Where the presidential race stands today.
Updated Tuesday, Oct. 26, 2004, at 3:34 PM
|If the Election Were Held Today|
271 Electoral Votes
168 solid, 66 likely, 37 iffy
149 solid, 85 likely, 33 iffy
Update 5:20 p.m. ET: Hold on to your hats. No sooner did we demand a second tight survey in Hawaii than we got one. Both polls show Bush barely ahead with plenty of undecideds. Meanwhile, in Arkansas, Kerry has closed from a 9-point deficit to a tie. The only other conventional poll in that state showed Bush up by 3 after his convention. If Bush loses Florida, Hawaii won't matter. But if he keeps Florida and loses Wisconsin, New Mexico and Hawaii would give him the election.
Note: This analysis is based in part on surveys not yet posted in the tables.
How to read the tables: The following tables track the latest polls. The first table shows surveys in the most closely contested states. The second table shows surveys in states that are expected to go to one candidate but might be picked off by the other. In the left column, each state and its electoral votes are marked dark red, light red, light blue, or dark blue, depending on which candidate is leading in that state (red for Bush, blue for Kerry) and with what degree of certainty. Slateawards electoral votes based on our poll analysis, which appears in the right-hand column. We color a state gray if it's likely to split its electoral votes. New polls are highlighted in yellow. (A) means a poll was automated. (O) means it was online. (D) means the polling firm is Democratic; (R) means the firm is Republican.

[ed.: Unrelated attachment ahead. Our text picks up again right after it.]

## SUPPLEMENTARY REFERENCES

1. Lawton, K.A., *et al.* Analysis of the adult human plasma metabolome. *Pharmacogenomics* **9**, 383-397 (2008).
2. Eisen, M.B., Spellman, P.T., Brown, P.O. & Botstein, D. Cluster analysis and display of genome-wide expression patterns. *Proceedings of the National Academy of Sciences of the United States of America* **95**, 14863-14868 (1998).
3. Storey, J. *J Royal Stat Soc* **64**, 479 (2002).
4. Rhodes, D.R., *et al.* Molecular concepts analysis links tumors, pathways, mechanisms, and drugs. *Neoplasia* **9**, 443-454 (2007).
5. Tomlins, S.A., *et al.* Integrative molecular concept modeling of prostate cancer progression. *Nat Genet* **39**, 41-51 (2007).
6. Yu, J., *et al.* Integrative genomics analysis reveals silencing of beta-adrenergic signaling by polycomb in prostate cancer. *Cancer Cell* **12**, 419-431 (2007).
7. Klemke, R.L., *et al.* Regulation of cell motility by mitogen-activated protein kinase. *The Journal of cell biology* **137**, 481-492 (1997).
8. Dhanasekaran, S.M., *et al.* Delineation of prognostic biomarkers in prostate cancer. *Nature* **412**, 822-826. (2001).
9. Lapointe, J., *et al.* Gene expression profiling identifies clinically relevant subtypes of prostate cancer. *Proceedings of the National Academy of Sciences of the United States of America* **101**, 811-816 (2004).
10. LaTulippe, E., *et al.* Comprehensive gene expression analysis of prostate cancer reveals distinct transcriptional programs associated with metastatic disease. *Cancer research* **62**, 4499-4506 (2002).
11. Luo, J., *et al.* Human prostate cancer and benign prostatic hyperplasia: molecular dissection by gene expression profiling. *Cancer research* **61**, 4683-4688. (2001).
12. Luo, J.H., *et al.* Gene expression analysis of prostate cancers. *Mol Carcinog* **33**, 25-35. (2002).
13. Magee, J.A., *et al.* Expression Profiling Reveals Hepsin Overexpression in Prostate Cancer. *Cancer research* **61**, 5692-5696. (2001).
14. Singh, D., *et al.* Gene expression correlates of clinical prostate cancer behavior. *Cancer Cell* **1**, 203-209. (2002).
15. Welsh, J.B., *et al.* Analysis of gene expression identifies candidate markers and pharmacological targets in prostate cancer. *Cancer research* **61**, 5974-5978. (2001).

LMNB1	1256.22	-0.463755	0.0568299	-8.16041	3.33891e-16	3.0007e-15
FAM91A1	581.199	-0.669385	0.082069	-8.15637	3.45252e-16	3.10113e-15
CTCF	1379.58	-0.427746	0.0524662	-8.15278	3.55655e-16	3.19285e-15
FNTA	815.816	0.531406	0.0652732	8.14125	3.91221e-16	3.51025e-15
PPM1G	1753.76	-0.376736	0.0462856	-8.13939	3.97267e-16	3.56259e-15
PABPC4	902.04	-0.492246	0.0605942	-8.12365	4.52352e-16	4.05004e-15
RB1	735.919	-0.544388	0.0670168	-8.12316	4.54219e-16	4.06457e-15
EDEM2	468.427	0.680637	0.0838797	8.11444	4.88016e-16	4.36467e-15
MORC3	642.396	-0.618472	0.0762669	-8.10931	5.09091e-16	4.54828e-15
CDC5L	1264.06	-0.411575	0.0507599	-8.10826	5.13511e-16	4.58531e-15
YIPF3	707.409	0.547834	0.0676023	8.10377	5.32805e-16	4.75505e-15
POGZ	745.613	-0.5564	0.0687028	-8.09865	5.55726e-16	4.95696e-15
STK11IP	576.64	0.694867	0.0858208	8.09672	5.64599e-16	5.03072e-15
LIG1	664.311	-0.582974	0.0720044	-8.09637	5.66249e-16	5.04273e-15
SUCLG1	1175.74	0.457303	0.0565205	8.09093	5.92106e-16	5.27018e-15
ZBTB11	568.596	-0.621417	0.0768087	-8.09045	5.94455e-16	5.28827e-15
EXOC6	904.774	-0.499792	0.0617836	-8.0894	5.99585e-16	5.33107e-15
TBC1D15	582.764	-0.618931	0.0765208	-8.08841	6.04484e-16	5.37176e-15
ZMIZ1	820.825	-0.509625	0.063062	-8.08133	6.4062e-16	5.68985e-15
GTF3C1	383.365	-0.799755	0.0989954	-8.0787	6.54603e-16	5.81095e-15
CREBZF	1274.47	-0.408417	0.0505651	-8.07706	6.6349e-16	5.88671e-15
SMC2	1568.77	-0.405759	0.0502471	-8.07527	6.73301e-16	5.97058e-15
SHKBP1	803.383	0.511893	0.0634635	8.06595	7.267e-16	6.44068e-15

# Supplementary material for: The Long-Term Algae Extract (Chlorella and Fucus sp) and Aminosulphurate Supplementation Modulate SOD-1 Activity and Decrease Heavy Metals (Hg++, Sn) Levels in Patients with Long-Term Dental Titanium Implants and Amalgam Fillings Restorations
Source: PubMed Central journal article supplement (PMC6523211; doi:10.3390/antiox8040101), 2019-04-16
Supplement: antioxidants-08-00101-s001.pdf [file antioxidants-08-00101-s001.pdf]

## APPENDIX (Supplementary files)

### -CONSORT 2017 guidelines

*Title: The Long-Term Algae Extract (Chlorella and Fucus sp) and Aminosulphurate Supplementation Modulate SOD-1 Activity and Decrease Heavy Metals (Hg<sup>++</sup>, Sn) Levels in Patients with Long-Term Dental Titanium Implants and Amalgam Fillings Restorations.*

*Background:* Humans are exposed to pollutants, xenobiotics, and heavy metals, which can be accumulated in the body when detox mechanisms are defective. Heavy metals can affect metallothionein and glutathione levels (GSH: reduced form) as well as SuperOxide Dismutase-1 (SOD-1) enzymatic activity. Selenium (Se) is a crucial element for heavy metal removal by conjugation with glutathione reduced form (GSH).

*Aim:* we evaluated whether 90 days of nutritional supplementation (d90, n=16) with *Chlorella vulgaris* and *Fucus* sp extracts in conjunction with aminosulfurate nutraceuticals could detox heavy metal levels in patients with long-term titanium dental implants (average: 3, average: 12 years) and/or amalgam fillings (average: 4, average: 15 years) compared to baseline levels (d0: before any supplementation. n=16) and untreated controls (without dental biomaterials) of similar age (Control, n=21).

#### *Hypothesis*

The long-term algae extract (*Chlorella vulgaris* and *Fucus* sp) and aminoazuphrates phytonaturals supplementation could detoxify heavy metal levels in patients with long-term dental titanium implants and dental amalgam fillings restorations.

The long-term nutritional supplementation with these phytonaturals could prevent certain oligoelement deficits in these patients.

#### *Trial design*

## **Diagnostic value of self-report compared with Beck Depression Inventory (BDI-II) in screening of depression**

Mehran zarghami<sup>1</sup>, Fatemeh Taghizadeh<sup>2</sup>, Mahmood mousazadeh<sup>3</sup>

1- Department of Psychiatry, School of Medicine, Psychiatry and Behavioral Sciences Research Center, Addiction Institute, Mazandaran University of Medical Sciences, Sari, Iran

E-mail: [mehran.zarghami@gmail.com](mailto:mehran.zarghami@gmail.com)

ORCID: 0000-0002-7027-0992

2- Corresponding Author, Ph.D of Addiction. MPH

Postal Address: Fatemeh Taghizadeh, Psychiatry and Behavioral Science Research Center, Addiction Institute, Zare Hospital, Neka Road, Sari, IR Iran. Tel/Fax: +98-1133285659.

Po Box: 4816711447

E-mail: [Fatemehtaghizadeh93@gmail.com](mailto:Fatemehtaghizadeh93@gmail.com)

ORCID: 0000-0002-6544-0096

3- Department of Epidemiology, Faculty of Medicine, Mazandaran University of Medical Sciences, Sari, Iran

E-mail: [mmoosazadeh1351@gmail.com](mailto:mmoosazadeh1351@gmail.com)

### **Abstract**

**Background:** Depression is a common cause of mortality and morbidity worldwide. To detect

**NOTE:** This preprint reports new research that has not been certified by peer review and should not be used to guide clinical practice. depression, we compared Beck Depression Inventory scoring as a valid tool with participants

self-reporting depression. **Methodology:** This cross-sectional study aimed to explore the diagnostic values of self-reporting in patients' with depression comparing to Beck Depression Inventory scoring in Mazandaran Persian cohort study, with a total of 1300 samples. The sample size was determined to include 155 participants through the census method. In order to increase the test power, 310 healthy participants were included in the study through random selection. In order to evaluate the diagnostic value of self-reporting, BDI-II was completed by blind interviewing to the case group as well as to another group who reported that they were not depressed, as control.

The other tables below track national surveys. In the Trial Heat, respondents were asked for whom they would vote. On Job Approval, they were asked whether they approve or disapprove of Bush's performance. On Re-Elect, they were asked whether Bush deserves to be re-elected or not. On Right Direction, they were asked whether things are going in the right direction or are on the wrong track. On Favorable Rating, they were asked whether they have a favorable or unfavorable impression of each candidate.
Will Saletan covers science, technology, and politics for Slate and says a lot of things that get him in trouble.
David Kenner is a former Slate intern.
Louisa Thomas is on the editorial staff of The New Yorker.
Photographs of: George Bush smiling by Paul J. Richards/AFP/Getty Images; Bush frowning by Hector Mata/AFP/Getty Images; John Kerry smiling by Jason Cohn/Reuters; Kerry frowning by David Denoma/Reuters.